But the sight was a thrilling one for our high net worth visionaries.

“The last time I felt this happy I was listening to an interview with Pat McDonagh from Supermac’s,” boomed one.

Apart from that, the other highlight of a long day in the chamber was from virologist Dr Cillian De Gascun, who magnificently bamboozled the TDs on the origins of Covid-19 and its link to bats.

“SARS-CoV-2 is the seventh coronavirus known to infect humans and is a member of the sarbecovirus subgenus of the coronaviridae family,” he told the politicians. “Although bats are regarded as the most likely natural host for the virus, the recombinogenic nature of coronaviruses means it can be difficult to identify the ultimate source because different parts of the genome can have different origins. This is in contrast to influenza viruses, for example, which reassert but do not typically undergo homologous recombination within ribonucleic acid – RNA – segments.”

Anyway, it seems that bats are riddled with viruses. The Rhinolophus affinis bat is in the frame for our current pandemic, although we must not forget Malayan pangolins.

And, on the subject of bats, there were some very strange reports trickling from the top secret talks between the Greens and Fine Gael and Fianna Fáil. Specific items were down for discussion, but Green negotiator Ossian Smyth wanted to discuss medicinal cannabis and have a commitment in the programme for government that GPs will be able to dispense it to patients.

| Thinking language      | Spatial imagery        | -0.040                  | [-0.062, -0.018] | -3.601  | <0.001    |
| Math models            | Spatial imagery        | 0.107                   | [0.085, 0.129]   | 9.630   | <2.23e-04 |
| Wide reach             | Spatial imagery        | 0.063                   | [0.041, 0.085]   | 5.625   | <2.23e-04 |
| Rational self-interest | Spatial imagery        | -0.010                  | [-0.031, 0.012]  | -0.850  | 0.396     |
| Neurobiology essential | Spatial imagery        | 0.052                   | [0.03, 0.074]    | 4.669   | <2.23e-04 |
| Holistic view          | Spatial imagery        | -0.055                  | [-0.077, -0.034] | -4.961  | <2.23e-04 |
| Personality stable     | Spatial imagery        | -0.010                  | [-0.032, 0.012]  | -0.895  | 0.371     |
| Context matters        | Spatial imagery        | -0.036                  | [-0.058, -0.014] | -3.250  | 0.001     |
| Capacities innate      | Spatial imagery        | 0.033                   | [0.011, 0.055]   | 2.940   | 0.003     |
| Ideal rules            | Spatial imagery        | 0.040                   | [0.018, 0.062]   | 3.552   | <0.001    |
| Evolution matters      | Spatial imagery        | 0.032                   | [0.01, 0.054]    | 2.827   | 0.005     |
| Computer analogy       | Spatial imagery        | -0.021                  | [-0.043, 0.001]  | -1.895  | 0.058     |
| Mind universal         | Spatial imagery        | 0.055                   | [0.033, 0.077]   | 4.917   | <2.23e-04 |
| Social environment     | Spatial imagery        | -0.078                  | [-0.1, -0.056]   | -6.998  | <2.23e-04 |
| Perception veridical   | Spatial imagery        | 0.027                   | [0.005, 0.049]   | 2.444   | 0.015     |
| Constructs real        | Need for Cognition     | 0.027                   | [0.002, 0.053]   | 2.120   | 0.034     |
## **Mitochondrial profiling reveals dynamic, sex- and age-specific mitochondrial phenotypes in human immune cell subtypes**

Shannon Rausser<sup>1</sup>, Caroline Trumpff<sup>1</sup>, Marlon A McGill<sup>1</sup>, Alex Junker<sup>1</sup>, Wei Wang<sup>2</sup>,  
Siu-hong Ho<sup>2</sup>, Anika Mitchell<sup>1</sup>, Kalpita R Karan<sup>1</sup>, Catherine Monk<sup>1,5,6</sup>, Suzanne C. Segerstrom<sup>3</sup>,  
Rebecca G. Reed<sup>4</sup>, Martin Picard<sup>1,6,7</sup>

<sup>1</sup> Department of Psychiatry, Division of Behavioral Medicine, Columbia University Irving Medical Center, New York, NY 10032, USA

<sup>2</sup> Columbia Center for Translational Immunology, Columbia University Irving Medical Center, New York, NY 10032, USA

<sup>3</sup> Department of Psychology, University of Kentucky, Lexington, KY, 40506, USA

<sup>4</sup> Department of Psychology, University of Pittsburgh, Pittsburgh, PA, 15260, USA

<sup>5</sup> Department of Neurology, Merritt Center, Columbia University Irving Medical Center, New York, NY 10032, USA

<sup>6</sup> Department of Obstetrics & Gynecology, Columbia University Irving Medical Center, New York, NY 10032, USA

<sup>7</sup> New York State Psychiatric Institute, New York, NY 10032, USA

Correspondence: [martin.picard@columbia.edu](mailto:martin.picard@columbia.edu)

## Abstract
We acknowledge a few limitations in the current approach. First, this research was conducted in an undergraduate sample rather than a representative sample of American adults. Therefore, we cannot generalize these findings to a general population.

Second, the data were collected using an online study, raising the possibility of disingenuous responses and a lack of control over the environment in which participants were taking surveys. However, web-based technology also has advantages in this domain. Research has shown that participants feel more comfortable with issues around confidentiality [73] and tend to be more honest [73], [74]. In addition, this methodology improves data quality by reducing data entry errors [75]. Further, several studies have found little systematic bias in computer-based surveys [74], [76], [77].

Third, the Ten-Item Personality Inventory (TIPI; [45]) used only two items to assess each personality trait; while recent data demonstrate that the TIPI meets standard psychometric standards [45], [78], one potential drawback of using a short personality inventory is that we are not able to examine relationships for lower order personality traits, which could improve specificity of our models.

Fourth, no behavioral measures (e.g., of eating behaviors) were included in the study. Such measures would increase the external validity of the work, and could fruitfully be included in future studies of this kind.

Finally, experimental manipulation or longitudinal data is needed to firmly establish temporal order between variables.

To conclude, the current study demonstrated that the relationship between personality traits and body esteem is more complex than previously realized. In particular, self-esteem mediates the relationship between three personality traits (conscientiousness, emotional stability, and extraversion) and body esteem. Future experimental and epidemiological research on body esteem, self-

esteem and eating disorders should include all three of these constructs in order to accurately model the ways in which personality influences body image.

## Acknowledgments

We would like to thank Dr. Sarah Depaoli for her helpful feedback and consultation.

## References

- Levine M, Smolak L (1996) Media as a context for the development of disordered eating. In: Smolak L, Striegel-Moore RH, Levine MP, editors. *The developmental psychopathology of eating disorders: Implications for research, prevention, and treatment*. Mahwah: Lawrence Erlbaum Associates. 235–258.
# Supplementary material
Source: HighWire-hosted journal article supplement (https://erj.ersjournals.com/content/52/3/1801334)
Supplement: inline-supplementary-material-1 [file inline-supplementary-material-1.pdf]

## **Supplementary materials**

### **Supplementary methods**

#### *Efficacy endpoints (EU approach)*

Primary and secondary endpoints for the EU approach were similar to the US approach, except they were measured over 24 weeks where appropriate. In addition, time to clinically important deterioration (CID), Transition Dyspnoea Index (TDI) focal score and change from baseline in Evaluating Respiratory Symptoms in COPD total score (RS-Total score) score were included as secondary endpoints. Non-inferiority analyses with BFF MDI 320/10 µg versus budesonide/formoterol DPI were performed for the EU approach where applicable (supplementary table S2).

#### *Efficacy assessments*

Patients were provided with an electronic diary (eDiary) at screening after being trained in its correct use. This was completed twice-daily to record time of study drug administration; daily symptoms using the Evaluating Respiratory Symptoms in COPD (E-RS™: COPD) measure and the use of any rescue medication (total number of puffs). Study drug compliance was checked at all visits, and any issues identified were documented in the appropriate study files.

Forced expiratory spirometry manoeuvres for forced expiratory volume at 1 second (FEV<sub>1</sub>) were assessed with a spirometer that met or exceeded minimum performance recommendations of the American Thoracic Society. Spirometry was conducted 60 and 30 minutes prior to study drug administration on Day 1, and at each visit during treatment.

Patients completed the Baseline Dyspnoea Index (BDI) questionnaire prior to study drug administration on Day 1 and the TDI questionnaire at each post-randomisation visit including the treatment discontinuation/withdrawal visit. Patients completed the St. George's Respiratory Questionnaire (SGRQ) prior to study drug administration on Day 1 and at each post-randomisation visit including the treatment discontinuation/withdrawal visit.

With the clock running out on the time left to form an administration, one hour of the two-hour morning session was sidetracked with this unscheduled discussion on cannabis.

Talk of two factions now: the Eamon Ryan faction and the Catherine Martin faction

“I felt like rolling a spliff myself after the first half hour,” one of the negotiators told a political colleague afterwards.

There were mixed signals coming from Agriculture House, which is the building on the Leinster House campus in Kildare Street where the talks are taking place.

There was progress. There were sticking points. Progress. Sticking points.

Talk of two factions now: the Eamon Ryan faction and the Catherine Martin faction. Martin is challenging Ryan for the leadership, an action which activists correctly insist is in accordance with their constitutional rules. But it isn’t mandatory either.

It seems a strange time to launch a leadership tilt when so much is at stake.

But nothing much is escaping the talks in terms of leakage. The participants are being very cagey. But there is no sense that this is anywhere near being a done deal. Tuesday’s sessions were being touted as the make-or-break ones. But, yet again, the negotiations drag on.

Apart from one session on education, the Dáil has cleared the Wednesday schedule for statements on climate change. All day, starting at 9.30 in the morning and finishing at nine at night. It’ll be scintillating.

Meanwhile, the teams will continue their efforts to sign off on a policy paper.

Around Leinster House, the mood keeps swinging from pessimistic to mildly optimistic and back again.

It’s bats.